Weslaco, Texas native Roel Flores saw his first cotton field – and began picking what he initially thought was cotton candy – at age 6. The first-generation American son of Mexican immigrants was 15 when he became a full-time migrant worker and began playing bajo-sexto with a conjunto band on weekends. He began conveying his experiences via canvas only 12 years ago, filling his paintings with images of fields, sunsets, instruments and other aspects of his life as a Tejano in South Texas. Flores’ paintings reveal his love for music and a certain bittersweet nostalgia for the difficulties of field work.
“For me, la musica y la labor, they go together – the music was our hope of getting out of the fields, and our inspiration to keep working,” Flores says. “Through my paintings I would say, ‘Be proud of who you are, and where you come from.’ I have a saying, that when you go by a cotton field, cuando pases por una labor de algodón – stop, and go sit in la cabecera, the beginning of the row, llega y sientate en la cabezera de un surco y no hagas ruido, don’t make noise; listen – y pon mucho sentido, and you’re going to hear the laughter, and yes, also the crying of our people.”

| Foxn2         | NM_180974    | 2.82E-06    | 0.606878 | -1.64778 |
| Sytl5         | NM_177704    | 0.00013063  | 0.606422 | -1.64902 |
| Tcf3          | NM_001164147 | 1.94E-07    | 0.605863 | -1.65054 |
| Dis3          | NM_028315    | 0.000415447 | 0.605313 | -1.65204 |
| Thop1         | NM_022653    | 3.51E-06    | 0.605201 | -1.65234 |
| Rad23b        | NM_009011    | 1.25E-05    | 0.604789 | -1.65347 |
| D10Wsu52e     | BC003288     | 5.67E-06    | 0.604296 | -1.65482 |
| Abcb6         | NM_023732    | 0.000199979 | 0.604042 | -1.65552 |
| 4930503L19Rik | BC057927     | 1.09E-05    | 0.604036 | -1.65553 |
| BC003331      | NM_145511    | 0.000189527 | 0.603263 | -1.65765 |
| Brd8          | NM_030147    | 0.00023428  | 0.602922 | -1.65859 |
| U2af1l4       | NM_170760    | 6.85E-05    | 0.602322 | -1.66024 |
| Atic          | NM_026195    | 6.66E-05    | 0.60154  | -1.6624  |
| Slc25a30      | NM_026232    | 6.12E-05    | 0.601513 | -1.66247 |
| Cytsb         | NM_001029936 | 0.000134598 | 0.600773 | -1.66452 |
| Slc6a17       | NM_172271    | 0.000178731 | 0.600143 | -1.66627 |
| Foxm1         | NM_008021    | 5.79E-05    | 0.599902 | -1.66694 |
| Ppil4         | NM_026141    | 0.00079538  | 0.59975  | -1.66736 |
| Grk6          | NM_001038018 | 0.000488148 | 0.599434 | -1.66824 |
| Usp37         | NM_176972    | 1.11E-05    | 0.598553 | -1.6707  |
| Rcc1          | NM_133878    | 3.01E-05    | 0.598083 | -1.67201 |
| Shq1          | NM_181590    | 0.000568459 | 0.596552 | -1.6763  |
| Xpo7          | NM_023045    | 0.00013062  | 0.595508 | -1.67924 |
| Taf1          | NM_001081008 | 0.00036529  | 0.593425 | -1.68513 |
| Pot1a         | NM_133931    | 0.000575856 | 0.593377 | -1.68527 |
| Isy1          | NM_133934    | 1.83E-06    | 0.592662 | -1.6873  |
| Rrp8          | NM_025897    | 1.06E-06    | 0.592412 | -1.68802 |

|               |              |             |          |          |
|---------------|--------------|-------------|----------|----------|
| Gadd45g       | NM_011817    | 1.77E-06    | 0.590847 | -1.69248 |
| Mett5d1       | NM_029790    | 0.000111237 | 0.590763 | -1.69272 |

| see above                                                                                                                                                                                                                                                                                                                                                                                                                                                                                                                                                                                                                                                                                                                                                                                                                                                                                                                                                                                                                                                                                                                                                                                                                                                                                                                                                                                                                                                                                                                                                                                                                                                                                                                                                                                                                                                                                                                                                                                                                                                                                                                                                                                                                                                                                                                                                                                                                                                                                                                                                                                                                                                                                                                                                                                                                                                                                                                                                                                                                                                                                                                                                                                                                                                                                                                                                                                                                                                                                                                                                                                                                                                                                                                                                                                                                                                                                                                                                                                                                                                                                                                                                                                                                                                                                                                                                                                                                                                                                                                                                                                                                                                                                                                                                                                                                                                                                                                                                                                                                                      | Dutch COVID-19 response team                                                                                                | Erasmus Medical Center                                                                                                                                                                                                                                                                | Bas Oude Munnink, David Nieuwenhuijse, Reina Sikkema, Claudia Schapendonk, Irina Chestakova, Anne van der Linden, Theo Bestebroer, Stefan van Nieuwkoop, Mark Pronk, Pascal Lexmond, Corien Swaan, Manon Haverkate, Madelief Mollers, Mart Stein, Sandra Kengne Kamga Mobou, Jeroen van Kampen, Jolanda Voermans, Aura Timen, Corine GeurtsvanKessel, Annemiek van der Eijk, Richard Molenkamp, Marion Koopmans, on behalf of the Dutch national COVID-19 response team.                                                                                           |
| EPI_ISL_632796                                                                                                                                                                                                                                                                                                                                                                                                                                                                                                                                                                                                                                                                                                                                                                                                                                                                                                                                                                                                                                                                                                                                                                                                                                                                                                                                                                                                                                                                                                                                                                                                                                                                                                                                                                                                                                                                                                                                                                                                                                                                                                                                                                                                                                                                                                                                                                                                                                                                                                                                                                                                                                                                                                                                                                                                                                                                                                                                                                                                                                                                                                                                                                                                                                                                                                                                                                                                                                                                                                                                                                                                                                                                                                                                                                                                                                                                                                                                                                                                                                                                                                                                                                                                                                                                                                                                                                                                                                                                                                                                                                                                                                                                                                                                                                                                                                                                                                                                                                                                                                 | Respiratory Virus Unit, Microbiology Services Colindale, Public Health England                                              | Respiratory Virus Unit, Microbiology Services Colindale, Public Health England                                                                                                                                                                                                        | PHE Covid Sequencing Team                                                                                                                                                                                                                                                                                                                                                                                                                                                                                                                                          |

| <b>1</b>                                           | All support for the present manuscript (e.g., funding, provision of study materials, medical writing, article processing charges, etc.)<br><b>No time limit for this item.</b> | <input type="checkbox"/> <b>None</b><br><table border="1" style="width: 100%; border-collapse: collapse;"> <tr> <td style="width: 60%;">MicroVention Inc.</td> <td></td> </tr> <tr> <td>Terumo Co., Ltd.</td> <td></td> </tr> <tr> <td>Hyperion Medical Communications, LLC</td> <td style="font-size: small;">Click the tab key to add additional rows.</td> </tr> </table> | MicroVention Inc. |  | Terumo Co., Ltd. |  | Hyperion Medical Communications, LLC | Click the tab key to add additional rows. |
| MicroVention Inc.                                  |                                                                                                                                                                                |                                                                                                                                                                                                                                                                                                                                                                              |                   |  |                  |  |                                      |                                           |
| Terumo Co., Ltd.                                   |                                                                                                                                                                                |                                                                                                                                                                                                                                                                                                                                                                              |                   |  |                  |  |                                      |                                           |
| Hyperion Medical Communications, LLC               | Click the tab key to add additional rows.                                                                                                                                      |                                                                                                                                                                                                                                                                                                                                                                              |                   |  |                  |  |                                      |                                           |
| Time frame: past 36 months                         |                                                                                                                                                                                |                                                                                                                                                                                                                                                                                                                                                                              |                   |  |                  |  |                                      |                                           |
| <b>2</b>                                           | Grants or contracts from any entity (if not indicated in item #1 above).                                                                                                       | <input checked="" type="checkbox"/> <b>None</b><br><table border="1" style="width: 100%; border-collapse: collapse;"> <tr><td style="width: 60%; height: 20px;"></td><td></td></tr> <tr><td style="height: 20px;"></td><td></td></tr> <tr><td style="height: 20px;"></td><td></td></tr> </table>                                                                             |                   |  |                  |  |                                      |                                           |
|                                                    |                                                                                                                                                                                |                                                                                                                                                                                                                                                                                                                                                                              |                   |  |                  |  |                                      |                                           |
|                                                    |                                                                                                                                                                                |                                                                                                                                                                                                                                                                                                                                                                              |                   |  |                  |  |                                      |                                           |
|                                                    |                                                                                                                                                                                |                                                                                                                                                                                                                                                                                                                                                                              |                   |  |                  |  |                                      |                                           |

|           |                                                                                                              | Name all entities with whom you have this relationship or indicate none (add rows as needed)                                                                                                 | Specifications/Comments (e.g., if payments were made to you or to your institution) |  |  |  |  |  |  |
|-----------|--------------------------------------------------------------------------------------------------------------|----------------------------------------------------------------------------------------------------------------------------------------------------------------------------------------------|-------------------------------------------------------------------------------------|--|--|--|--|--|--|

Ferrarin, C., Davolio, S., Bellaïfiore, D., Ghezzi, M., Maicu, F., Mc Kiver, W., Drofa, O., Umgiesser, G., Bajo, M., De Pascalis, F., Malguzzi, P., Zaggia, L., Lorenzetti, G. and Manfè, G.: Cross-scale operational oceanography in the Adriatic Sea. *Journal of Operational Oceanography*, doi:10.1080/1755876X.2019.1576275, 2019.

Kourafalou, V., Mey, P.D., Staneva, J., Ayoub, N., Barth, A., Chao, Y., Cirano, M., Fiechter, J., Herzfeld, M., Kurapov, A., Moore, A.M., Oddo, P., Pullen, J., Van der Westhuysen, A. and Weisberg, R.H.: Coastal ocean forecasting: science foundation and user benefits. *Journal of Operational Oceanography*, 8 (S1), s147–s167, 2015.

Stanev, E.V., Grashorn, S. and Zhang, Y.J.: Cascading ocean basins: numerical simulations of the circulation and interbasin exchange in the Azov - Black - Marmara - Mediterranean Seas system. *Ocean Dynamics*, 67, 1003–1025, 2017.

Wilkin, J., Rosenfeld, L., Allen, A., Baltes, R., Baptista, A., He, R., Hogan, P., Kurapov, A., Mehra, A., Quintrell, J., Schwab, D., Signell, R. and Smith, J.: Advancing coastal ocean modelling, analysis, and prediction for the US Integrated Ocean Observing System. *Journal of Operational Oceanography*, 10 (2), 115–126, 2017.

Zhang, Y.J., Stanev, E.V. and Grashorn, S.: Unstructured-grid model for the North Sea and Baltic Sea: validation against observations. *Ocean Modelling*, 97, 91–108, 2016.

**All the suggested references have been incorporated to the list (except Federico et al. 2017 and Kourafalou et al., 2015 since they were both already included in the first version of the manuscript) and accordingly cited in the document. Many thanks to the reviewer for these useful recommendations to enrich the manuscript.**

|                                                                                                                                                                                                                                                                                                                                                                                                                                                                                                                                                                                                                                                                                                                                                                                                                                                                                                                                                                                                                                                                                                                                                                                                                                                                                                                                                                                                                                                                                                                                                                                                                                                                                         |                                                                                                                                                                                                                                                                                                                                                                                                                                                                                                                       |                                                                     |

La Labor: The Paintings of Roel Flores was shown in Texas Folklife’s gallery at 1317 S. Congress Ave., Austin ( behind 10,000 Villages), from Sept. 9 through Dec.21, 2008. It was on display at Talento Bilingüe de Houston April 4 through June 8, 2008, and the Brownsville Historical Association’s Heritage Museum June 15 through Aug. 1, 2008. Other locations are pending. Flores' work is also part of the Smithsonian Institution's permanent collection. 20-page color catalogs are available for $5. Email email@example.com  for more information.
La Labor: The Paintings of Roel Flores is supported by funding from Humanities Texas, the City of Austin through the Cultural Arts Division and by a grant from the Texas Commission on the Arts.